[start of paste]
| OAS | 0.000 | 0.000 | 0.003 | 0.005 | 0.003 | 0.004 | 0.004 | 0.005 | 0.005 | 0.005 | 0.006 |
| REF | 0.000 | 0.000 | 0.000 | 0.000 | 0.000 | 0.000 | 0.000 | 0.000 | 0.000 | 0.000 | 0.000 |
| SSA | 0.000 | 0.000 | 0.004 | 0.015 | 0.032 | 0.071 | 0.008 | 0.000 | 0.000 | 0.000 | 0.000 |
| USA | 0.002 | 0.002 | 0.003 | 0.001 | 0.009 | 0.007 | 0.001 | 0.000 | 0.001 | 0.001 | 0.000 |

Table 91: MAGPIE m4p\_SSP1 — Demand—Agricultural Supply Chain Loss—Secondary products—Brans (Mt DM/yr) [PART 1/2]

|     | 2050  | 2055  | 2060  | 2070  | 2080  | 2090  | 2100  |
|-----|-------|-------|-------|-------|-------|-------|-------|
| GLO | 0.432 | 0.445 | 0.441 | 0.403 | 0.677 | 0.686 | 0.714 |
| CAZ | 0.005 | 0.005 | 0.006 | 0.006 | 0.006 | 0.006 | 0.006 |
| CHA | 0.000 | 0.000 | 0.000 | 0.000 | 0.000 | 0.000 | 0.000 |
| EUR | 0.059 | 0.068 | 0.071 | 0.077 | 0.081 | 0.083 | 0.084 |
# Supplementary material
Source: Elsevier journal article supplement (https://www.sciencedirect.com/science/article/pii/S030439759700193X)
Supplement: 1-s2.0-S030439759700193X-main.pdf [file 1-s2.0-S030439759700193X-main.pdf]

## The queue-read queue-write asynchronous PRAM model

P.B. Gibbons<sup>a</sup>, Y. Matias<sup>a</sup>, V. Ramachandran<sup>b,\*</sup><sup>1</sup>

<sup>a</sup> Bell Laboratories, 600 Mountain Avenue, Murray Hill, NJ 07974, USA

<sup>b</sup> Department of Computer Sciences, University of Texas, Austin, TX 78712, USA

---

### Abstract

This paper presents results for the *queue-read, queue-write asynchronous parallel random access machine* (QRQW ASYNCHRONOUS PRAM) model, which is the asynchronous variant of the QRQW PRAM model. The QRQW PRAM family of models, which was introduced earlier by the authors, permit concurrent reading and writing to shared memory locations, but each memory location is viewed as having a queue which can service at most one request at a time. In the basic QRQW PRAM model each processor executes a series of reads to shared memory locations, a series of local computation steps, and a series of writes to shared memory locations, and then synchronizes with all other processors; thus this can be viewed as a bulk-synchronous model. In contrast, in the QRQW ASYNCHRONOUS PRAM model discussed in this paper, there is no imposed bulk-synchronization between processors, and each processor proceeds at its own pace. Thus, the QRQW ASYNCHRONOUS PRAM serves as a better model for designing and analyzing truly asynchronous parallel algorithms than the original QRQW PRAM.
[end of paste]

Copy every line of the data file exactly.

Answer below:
| OAS | 0.000 | 0.000 | 0.003 | 0.005 | 0.003 | 0.004 | 0.004 | 0.005 | 0.005 | 0.005 | 0.006 |
| REF | 0.000 | 0.000 | 0.000 | 0.000 | 0.000 | 0.000 | 0.000 | 0.000 | 0.000 | 0.000 | 0.000 |
| SSA | 0.000 | 0.000 | 0.004 | 0.015 | 0.032 | 0.071 | 0.008 | 0.000 | 0.000 | 0.000 | 0.000 |
| USA | 0.002 | 0.002 | 0.003 | 0.001 | 0.009 | 0.007 | 0.001 | 0.000 | 0.001 | 0.001 | 0.000 |

Table 91: MAGPIE m4p\_SSP1 — Demand—Agricultural Supply Chain Loss—Secondary products—Brans (Mt DM/yr) [PART 1/2]

|     | 2050  | 2055  | 2060  | 2070  | 2080  | 2090  | 2100  |
|-----|-------|-------|-------|-------|-------|-------|-------|
| GLO | 0.432 | 0.445 | 0.441 | 0.403 | 0.677 | 0.686 | 0.714 |
| CAZ | 0.005 | 0.005 | 0.006 | 0.006 | 0.006 | 0.006 | 0.006 |
| CHA | 0.000 | 0.000 | 0.000 | 0.000 | 0.000 | 0.000 | 0.000 |
| EUR | 0.059 | 0.068 | 0.071 | 0.077 | 0.081 | 0.083 | 0.084 |
# Supplementary material
Source: Elsevier journal article supplement (https://www.sciencedirect.com/science/article/pii/S030439759700193X)
Supplement: 1-s2.0-S030439759700193X-main.pdf [file 1-s2.0-S030439759700193X-main.pdf]

## The queue-read queue-write asynchronous PRAM model

P.B. Gibbons<sup>a</sup>, Y. Matias<sup>a</sup>, V. Ramachandran<sup>b,\*</sup><sup>1</sup>

<sup>a</sup> Bell Laboratories, 600 Mountain Avenue, Murray Hill, NJ 07974, USA

<sup>b</sup> Department of Computer Sciences, University of Texas, Austin, TX 78712, USA

---

### Abstract

This paper presents results for the *queue-read, queue-write asynchronous parallel random access machine* (QRQW ASYNCHRONOUS PRAM) model, which is the asynchronous variant of the QRQW PRAM model. The QRQW PRAM family of models, which was introduced earlier by the authors, permit concurrent reading and writing to shared memory locations, but each memory location is viewed as having a queue which can service at most one request at a time. In the basic QRQW PRAM model each processor executes a series of reads to shared memory locations, a series of local computation steps, and a series of writes to shared memory locations, and then synchronizes with all other processors; thus this can be viewed as a bulk-synchronous model. In contrast, in the QRQW ASYNCHRONOUS PRAM model discussed in this paper, there is no imposed bulk-synchronization between processors, and each processor proceeds at its own pace. Thus, the QRQW ASYNCHRONOUS PRAM serves as a better model for designing and analyzing truly asynchronous parallel algorithms than the original QRQW PRAM.